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Figure 4. (a) XPS survey and high-resolution N1s (b) and O1s (c) spectra: bare NPs (black), NPs-CO (light red), NPs-NH (light blue) hybrids, and the related nanovectors [email protected] (red) and [email protected] (blue).
Figure 4. (a) XPS survey and high-resolution N1s (b) and O1s (c) spectra: bare NPs (black), NPs-CO (light red), NPs-NH (light blue) hybrids, and the related nanovectors [email protected] (red) and [email protected] (blue).
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Figure 5. (a) Hysteresis loops recorded at 310 and 5 K on NP-CO2H-TRAIL and NP-NH2-TRAIL hybrids. (b) Thermal variation of the DC magnetic susceptibility of bare NPs, nanohybrids, and the related [email protected] and [email protected] nanovectors, measured at 200 Oe on as-produced powders. The arrows indicate the blocking temperature (BT).
Figure 5. (a) Hysteresis loops recorded at 310 and 5 K on NP-CO2H-TRAIL and NP-NH2-TRAIL hybrids. (b) Thermal variation of the DC magnetic susceptibility of bare NPs, nanohybrids, and the related [email protected] and [email protected] nanovectors, measured at 200 Oe on as-produced powders. The arrows indicate the blocking temperature (BT).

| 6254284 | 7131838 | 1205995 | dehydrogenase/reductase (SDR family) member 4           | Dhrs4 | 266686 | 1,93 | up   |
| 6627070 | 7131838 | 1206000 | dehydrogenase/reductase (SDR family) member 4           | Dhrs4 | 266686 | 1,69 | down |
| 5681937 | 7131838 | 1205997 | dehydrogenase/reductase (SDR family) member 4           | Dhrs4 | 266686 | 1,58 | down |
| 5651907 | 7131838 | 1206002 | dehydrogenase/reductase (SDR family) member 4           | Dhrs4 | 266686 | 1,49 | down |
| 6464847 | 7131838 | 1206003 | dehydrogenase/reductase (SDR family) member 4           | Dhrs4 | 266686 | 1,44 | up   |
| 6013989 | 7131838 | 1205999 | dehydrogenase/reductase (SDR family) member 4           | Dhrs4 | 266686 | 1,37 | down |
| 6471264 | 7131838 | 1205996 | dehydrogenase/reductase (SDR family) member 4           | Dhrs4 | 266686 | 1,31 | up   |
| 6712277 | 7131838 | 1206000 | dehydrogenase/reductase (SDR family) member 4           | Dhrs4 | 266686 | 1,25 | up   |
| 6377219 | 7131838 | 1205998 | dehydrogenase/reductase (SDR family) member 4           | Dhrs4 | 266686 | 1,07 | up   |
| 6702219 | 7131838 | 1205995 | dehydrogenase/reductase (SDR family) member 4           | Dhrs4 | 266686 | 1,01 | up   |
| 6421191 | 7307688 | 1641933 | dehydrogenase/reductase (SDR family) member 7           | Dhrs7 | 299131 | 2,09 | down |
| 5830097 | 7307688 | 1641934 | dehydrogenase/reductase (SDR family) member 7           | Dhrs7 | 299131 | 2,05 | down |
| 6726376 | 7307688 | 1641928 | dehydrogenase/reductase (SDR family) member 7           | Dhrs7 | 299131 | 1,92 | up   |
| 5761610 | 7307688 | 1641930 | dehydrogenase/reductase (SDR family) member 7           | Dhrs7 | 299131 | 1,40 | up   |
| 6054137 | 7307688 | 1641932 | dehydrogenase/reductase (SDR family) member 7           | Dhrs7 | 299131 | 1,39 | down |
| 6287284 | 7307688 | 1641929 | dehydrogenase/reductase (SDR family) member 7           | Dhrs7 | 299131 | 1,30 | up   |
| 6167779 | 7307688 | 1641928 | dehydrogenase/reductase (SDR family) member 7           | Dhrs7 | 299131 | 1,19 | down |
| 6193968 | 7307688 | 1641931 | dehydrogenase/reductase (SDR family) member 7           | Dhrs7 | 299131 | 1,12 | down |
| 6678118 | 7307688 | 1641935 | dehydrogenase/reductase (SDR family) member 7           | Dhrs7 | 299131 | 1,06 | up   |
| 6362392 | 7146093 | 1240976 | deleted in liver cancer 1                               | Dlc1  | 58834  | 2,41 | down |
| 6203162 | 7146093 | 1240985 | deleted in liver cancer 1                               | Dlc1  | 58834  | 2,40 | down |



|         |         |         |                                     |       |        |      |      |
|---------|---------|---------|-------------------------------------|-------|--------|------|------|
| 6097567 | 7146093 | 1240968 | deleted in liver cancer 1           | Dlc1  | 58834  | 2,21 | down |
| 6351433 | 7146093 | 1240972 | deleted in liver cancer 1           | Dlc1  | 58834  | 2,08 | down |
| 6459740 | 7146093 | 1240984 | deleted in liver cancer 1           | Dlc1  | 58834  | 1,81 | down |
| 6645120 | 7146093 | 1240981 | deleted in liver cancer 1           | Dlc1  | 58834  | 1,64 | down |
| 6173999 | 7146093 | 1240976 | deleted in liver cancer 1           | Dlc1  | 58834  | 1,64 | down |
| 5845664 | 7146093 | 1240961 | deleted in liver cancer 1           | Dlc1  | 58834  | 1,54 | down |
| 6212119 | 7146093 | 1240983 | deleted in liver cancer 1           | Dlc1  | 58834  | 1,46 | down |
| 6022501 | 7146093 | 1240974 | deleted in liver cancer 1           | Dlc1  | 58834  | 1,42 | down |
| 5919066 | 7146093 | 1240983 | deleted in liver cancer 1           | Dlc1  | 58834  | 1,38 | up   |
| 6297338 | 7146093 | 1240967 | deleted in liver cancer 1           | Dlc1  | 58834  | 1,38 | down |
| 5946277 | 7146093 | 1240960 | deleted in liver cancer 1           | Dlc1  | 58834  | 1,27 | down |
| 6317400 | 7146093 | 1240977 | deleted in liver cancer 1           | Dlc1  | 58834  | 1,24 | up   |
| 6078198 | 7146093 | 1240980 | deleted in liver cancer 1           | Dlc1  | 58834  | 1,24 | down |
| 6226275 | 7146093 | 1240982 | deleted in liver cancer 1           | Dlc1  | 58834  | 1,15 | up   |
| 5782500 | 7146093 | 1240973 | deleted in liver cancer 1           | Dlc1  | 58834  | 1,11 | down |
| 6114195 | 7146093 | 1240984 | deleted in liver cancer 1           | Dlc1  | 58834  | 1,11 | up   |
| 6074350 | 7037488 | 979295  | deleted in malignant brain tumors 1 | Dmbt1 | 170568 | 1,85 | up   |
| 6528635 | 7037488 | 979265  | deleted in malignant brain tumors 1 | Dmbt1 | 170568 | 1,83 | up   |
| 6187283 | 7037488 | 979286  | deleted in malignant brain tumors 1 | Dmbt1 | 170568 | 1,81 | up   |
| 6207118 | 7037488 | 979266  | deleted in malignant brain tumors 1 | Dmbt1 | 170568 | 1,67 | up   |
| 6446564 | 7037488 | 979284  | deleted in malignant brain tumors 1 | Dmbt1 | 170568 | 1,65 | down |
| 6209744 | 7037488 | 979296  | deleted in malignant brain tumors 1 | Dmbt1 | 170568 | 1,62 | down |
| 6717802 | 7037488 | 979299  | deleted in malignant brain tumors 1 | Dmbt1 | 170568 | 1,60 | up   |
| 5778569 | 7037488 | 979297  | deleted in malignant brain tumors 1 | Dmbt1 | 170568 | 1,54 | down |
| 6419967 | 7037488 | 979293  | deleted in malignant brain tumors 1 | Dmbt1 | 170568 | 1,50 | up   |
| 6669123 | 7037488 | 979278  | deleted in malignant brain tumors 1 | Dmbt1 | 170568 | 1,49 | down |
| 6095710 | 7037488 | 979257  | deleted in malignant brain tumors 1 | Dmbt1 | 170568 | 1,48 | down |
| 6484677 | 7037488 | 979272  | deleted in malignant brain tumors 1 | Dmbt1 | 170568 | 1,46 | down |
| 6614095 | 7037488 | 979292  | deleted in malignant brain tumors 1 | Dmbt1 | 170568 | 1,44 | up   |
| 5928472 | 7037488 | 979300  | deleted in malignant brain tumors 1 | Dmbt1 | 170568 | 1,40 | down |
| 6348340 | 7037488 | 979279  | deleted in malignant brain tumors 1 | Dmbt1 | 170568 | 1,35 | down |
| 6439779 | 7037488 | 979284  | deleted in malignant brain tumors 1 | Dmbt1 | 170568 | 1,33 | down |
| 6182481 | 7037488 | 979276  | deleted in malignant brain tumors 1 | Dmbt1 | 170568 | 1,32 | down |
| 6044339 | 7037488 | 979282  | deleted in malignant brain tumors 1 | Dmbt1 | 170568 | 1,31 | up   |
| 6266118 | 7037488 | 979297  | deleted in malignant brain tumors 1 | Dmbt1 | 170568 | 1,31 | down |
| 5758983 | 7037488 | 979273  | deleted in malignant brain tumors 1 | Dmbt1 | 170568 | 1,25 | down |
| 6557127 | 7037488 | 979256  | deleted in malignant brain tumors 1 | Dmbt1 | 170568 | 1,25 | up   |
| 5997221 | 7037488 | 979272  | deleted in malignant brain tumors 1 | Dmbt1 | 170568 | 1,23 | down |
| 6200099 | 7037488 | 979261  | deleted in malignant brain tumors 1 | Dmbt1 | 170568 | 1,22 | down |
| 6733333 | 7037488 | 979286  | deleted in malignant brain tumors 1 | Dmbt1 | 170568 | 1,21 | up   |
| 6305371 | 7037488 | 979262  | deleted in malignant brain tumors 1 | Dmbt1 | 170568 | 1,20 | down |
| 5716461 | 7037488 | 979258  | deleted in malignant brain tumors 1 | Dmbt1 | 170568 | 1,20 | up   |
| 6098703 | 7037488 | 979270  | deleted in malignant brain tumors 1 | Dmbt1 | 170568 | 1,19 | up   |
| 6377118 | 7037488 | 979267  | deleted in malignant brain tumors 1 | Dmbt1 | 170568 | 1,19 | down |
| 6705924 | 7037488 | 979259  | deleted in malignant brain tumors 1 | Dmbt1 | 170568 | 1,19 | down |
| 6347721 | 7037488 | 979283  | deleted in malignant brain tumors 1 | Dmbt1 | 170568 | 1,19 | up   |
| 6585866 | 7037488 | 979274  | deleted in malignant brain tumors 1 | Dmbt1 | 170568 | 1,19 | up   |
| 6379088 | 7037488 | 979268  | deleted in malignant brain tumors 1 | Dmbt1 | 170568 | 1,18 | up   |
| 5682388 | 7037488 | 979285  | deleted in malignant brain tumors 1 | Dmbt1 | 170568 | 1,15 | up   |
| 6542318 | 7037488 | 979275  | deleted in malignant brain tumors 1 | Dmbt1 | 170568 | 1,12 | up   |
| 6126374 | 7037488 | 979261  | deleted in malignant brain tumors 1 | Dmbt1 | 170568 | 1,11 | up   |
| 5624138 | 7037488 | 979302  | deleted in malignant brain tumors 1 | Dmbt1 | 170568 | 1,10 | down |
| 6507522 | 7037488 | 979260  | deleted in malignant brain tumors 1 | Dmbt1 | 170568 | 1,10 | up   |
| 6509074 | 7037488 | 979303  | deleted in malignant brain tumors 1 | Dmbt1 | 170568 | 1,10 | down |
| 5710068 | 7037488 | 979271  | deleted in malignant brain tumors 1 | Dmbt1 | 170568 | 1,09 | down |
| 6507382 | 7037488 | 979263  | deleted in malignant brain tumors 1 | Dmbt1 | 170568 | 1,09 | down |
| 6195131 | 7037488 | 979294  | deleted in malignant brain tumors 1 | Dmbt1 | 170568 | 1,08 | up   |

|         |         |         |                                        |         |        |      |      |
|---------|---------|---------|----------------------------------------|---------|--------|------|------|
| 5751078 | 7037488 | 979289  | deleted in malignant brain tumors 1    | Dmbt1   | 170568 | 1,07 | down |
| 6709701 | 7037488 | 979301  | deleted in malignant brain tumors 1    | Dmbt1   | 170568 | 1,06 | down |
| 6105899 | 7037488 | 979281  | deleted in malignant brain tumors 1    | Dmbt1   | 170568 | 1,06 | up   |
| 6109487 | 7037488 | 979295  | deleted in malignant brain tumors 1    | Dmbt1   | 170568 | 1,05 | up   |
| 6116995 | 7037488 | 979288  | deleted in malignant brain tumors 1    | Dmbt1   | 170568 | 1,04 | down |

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Figure 6. (a) Cell death induced by TRAIL and [email protected] and [email protected] nanovectors in MDA-MB-231 and H1703 cells. Methylene blue staining was used to measure cell viability with increasing concentrations of indicated compounds. (b) IC50 values expressed as TRAIL concentration. (c) Early and late apoptosis and/or necrosis were determined by a5 and PI staining of H1703 cells treated by TRAIL, NPs, and the nanovectors. The indicated percent represents cells positive for both markers and was calculated by FlowJo software after flow cytometry.
Figure 6. (a) Cell death induced by TRAIL and [email protected] and [email protected] nanovectors in MDA-MB-231 and H1703 cells. Methylene blue staining was used to measure cell viability with increasing concentrations of indicated compounds. (b) IC50 values expressed as TRAIL concentration. (c) Early and late apoptosis and/or necrosis were determined by a5 and PI staining of H1703 cells treated by TRAIL, NPs, and the nanovectors. The indicated percent represents cells positive for both markers and was calculated by FlowJo software after flow cytometry.